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With the presidential campaign attracting so much attention, it's easy to lose sight of another major political race taking shape: the campaign for the U.S. Senate.
Democrats are hoping they can win control of the Senate, where Republicans hold a four-seat majority and face the challenge of defending 24 seats in November.
Among the key races is the contest in New Hampshire, where popular Republican Sen. Kelly Ayotte faces a series of threats: a challenge on the left from popular Democratic Gov. Maggie Hassan, and a challenge on the right from within her own party. And then there's the question of Donald Trump.
The Senate Majority PAC, which is supporting efforts to elect Democrats to the U.S. Senate, is running ads in New Hampshire that fault Ayotte and her fellow Senate Republicans for refusing to give a hearing to Judge Merrick Garland, President Obama's pick for the Supreme Court. The ads link her to the combustible Republican frontrunner, Trump, who could be a liability in November.
“Donald Trump wants the Senate to delay filling the Supreme Court vacancy so he can choose the nominee next year,” the ad says. “And Sen. Kelly Ayotte is right there to help.”
Asked if she would support Trump if he were to win the Republican presidential nomination, Ayotte says she's focused on other challenges.
"I'm running against Gov. Hassan," she said in Hanover last weekend. “I'll support the Republican nominee, but I want to see how this plays out. This process is far from over."
At the same time, Ayotte is facing her own process to win re-election.
A few days ago, Gov. Hassan was at a ribbon-cutting for an addiction recovery center in Manchester. After the event, she talked about why she wants Ayotte's job. Hassan called the senator too close to the Republican Party's right wing, citing her votes to repeal Obamacare, defund Planned Parenthood and oppose new gun control measures.
"Her voting record in her first four years was about 90 percent with the Koch brothers and her far-right party's leadership,” Hassan said. “And she's standing with them right now, saying there shouldn't even be a hearing on President Obama's nominee."
Asked if the Democrats would handle the situation any differently, Hassan said that “past dysfunction is not an excuse for current dysfunction.”
Hassan and the Senate Majority PAC are counting on this issue to fire up the base. Whether it will or not is unclear, though it has sparked some small protests and editorials urging Ayotte to “do her job.”
“The Constitution is clear,” Hassan said. “The president has a duty to make a nomination, and the Senate has a duty to advise and consent."
For her part, Ayotte takes the position of the Republican leadership that the Senate should put off any high court hearings until after the election.
"The people should have a voice in this,” she said. “This is a decision that is going to have an impact on the nation for decades. So my position is, let's let the people have a voice in this."
But Ayotte's position requires a bit of a balancing act: On the one hand she opposes hearings for Garland, but on the other she's among a small group of Republican senators willing to meet with the judge, prompting her critics to say she's trying to have it both ways.
Among her critics is Jim Rubens, a fellow Republican and former state senator who's challenging her in the Republican primary. Rubens questions Ayotte's conservative credentials.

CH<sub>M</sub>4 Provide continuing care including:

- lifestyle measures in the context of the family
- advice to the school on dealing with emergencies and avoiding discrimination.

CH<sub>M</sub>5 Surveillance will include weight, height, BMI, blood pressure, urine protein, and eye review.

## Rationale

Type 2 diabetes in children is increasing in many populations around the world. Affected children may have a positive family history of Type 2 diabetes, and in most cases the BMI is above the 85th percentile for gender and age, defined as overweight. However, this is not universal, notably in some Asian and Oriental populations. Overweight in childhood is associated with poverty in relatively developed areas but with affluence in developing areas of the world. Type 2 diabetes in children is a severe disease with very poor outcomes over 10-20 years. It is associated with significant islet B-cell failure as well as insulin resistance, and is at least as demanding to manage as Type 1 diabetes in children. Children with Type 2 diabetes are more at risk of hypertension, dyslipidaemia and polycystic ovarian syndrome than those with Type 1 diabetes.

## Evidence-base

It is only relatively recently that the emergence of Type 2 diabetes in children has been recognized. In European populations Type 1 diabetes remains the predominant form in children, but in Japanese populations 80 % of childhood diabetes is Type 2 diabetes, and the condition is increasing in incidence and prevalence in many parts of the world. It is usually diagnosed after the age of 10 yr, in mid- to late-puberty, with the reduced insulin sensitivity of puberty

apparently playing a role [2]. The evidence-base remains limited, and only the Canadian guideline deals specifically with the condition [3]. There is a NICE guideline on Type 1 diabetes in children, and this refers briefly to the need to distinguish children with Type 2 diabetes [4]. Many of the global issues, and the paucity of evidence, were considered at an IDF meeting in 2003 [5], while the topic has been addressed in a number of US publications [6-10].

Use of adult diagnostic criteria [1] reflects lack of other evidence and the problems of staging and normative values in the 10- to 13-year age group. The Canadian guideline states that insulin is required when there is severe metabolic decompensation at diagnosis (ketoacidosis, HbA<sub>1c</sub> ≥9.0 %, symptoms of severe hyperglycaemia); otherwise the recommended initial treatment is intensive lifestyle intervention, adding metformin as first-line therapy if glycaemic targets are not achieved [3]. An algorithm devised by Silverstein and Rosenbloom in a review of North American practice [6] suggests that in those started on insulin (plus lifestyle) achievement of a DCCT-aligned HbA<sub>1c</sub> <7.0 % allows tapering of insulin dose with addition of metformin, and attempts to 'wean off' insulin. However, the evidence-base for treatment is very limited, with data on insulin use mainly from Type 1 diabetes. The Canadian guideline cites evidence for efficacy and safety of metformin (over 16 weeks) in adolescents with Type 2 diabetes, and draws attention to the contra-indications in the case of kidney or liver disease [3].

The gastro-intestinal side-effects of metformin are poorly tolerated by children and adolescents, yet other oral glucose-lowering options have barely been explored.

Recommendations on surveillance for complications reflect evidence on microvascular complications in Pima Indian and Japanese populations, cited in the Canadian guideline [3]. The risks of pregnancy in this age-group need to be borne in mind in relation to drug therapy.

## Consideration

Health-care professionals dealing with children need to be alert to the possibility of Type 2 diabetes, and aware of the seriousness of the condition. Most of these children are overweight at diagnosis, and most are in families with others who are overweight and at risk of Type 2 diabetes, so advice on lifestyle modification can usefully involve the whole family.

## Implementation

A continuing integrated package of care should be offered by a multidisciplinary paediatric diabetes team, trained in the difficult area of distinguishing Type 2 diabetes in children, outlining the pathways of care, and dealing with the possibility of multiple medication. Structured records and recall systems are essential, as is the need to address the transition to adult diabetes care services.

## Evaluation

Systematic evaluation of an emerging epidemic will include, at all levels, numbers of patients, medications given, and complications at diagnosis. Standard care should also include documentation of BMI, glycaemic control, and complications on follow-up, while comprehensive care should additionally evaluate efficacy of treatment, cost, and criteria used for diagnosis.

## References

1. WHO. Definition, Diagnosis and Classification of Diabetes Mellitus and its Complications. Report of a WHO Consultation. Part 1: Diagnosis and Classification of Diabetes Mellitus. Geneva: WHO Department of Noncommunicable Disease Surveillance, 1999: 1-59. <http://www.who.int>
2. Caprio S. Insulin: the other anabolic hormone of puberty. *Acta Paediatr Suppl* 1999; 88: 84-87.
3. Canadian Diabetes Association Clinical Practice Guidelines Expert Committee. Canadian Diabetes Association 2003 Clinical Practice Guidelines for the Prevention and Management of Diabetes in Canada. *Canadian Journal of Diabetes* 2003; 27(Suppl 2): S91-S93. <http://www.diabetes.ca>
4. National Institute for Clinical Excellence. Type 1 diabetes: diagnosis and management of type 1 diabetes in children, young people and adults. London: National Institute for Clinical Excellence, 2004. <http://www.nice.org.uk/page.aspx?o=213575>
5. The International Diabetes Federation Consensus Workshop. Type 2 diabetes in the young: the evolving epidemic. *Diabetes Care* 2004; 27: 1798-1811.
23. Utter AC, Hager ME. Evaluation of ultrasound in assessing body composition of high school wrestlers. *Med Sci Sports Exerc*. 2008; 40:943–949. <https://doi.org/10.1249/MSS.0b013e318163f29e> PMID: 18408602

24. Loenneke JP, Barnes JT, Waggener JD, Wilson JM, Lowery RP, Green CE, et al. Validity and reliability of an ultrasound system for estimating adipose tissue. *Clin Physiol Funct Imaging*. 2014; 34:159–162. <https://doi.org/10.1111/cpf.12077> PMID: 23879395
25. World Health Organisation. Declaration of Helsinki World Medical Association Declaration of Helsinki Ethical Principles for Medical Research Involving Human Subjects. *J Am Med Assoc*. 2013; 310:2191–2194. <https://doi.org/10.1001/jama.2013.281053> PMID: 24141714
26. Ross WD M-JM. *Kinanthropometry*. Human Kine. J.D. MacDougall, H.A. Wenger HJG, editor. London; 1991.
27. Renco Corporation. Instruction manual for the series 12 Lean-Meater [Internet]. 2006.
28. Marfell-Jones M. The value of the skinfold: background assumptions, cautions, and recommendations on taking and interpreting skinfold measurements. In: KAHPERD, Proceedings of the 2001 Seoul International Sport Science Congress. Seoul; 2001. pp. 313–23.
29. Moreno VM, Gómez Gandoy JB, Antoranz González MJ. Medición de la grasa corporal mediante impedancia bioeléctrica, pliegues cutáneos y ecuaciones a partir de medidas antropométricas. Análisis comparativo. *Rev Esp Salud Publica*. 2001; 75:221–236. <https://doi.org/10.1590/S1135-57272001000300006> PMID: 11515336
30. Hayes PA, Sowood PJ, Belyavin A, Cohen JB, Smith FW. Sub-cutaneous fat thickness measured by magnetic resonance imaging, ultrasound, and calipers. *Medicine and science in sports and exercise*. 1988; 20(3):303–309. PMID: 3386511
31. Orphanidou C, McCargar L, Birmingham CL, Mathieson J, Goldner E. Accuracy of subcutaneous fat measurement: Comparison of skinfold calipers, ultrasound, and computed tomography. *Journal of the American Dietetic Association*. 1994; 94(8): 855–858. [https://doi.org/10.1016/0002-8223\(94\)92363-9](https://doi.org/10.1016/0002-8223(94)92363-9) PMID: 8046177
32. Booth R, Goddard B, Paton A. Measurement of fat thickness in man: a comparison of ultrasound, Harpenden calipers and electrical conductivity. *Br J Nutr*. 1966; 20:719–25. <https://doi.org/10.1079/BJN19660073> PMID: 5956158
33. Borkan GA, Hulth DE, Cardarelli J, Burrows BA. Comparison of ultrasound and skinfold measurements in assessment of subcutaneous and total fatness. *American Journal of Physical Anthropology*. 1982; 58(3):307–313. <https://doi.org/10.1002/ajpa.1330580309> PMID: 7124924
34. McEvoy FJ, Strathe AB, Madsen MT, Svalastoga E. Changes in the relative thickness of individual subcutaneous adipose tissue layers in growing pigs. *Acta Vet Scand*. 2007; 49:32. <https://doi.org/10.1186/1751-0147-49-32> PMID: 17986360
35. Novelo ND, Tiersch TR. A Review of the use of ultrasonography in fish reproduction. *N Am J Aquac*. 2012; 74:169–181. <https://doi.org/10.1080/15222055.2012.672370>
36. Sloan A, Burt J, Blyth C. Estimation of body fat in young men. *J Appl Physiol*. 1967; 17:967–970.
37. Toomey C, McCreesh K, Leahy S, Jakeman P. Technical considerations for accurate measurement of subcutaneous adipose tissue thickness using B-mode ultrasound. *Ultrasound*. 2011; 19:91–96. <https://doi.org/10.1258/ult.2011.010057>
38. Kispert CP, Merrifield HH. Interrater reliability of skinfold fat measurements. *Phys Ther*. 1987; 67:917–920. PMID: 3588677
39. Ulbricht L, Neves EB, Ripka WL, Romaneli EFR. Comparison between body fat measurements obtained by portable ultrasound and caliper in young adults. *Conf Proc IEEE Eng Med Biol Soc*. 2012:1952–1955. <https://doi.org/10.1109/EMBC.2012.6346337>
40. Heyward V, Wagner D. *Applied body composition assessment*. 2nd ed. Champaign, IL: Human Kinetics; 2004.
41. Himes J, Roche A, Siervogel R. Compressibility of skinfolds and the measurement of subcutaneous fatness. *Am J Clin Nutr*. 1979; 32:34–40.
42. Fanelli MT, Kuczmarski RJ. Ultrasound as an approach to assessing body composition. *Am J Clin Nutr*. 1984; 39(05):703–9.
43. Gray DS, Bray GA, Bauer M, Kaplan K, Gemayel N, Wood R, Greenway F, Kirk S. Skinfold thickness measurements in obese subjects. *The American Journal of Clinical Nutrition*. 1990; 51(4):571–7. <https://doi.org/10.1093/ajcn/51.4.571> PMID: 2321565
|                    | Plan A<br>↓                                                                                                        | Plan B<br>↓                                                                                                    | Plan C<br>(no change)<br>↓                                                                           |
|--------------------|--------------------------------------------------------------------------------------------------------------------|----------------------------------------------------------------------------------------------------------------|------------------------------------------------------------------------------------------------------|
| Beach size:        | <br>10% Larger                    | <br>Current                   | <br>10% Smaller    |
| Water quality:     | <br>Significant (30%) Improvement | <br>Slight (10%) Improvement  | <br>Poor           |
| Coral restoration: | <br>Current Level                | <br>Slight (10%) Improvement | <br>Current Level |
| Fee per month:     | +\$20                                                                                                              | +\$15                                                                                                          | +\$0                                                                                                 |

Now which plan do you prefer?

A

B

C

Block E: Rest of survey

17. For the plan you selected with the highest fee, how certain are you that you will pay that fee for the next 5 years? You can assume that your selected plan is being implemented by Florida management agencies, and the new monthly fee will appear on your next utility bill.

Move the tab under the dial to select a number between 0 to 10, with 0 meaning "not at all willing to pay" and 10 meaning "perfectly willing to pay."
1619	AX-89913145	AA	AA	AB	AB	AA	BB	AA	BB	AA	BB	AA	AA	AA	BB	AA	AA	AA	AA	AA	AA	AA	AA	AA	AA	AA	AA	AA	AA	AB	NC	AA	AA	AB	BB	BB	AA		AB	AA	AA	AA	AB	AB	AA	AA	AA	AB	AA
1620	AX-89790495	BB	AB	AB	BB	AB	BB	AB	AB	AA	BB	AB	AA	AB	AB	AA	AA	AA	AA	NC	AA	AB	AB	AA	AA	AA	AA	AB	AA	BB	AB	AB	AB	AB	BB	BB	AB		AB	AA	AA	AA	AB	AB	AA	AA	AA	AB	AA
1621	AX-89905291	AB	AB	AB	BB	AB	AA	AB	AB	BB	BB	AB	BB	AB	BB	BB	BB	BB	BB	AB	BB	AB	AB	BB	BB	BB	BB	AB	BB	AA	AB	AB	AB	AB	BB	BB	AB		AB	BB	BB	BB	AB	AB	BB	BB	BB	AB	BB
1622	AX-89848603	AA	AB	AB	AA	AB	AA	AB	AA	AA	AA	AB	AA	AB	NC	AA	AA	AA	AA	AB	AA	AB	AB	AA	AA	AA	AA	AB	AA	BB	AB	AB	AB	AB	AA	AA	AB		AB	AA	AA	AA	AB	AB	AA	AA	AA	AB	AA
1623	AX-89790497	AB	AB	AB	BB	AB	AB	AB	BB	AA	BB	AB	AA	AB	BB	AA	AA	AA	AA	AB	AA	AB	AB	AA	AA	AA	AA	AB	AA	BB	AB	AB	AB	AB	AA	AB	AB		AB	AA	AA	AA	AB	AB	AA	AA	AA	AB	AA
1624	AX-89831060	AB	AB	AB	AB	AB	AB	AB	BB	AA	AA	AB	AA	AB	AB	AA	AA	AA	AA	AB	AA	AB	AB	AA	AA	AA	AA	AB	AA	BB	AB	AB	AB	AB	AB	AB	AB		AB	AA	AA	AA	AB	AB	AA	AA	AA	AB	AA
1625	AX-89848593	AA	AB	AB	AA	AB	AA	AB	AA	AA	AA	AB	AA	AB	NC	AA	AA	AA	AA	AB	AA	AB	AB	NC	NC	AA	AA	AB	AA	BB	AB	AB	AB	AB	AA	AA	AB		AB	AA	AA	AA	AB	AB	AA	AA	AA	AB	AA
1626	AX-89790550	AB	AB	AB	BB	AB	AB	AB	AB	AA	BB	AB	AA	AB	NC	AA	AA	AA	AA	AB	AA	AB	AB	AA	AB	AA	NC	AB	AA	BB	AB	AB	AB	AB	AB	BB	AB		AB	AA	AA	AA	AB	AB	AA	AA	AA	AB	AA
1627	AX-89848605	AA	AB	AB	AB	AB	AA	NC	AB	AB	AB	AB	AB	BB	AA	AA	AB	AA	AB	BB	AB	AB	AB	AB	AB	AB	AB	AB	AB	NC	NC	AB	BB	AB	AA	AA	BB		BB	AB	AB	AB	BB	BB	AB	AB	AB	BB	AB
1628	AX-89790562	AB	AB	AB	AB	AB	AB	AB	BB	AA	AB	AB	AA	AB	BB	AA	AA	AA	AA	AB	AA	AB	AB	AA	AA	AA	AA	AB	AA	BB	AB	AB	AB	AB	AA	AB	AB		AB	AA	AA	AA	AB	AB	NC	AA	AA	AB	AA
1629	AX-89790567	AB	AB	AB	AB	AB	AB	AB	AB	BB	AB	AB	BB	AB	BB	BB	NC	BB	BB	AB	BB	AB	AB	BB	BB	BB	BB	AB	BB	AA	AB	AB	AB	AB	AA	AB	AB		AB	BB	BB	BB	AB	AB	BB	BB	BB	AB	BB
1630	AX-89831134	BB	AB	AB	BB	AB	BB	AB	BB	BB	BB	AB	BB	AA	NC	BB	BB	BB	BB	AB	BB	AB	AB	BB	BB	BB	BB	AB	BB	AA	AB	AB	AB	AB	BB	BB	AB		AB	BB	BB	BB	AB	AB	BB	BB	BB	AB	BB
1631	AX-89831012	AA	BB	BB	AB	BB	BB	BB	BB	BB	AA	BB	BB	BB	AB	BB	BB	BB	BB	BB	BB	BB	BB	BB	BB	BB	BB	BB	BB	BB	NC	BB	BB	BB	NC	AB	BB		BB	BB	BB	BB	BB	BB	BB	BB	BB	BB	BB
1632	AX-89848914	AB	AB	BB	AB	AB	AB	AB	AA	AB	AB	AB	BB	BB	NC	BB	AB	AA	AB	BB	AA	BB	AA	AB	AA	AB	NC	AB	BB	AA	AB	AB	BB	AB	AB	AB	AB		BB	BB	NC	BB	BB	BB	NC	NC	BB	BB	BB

"The problem is she's gone completely off the rails on the big issues,” he said last weekend on WMUR. “She stabbed the base. She stabbed our party's principles in the back."
Among Rubens' charges: that Ayotte supported bipartisan immigration reform that would have provided a path for citizenship for undocumented immigrants.
Andy Smith, of the University of New Hampshire Survey Center, says the fact that Ayotte is being attacked from both the left and the right represents a difficult challenge for her in a state like New Hampshire.
"New Hampshire is a state that leans Democratic, so that makes it difficult for any Republican,” Smith said.
"If she’s forced to run to the political right to stave off a primary challenge, that could make it more difficult for her in the general election, where you have to be more in the political center.”Andy Smith, of the UNH Survey Center
Ayotte has an advantage in that she's popular and the incumbent, but Smith said, “If she's forced to run to the political right to stave off a primary challenge, that could make it more difficult for her in the general election, where you have to be more in the political center."
Ayotte says she is not surprised or daunted by the challenges from the right and the left.
“This is what happens when you actually work with people and you have a record like mine," she said last weekend in Hanover, touting her reputation as a centrist.
It is fair to say that Ayotte is a conservative who doesn't always vote in lockstep with her party. For example, she endorsed the president's Clean Power Plan, backed paid sick leave and supported giving full government benefits to same-sex couples.
“I'm focused on being a strong independent voice to get things done for New Hampshire,” she said. “So I understand that I'm going to take criticism from the extremes."
With the New Hampshire presidential primary behind us, the political focus has shifted elsewhere in the country. But soon enough it will return to New Hampshire, where the contest between a popular Republican senator and a popular Democratic governor could have a lot to say about which party ends up controlling the Senate.
This segment aired on April 5, 2016.
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